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Hoffmann, R. A wiki for the life sciences where authorship matters. Nature Genetics (2008)

ERS1 encodes a functional homologue of the human lysosomal cystine transporter.

Cystinosis is a lysosomal storage disease caused by an accumulation of insoluble cystine in the lumen of the lysosome. CTNS encodes the lysosomal cystine transporter, mutations in which manifest as a range of disorders and are the most common cause of inherited renal Fanconi syndrome. Cystinosin, the CTNS product, is highly conserved among mammals. Here we show that the yeast Ers1 protein and cystinosin are functional orthologues, despite sharing only limited sequence homology. Ers1 is a vacuolar protein whose loss of function results in growth sensitivity to hygromycin B. This phenotype can be complemented by the human CTNS gene but not by mutant ctns alleles that were previously identified in cystinosis patients. A genetic screen for multicopy suppressors of an ers1Delta yeast strain identified a novel gene, MEH1, which is implicated in regulating Ers1 function. Meh1 localizes to the vacuolar membrane and loss of MEH1 results in a defect in vacuolar acidification, suggesting that the vacuolar environment is critical for normal ERS1 function. This genetic system has also led us to identify Gtr1 as an Meh1 interacting protein. Like Meh1 and Ers1, Gtr1 associates with vacuolar membranes in an Meh1-dependent manner. These results demonstrate the utility of yeast as a model system for the study of CTNS and vacuolar function.[1]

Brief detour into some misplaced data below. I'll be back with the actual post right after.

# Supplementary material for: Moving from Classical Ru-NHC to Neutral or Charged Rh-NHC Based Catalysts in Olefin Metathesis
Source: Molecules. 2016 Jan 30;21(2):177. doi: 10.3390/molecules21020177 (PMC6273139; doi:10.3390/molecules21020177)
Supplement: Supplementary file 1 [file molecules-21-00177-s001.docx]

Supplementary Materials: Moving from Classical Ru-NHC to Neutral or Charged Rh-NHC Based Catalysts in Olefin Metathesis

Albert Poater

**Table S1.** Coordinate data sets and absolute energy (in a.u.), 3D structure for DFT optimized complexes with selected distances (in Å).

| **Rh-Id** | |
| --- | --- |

1. ERS1 encodes a functional homologue of the human lysosomal cystine transporter. Gao, X.D., Wang, J., Keppler-Ross, S., Dean, N. FEBS J. (2005) [Pubmed]
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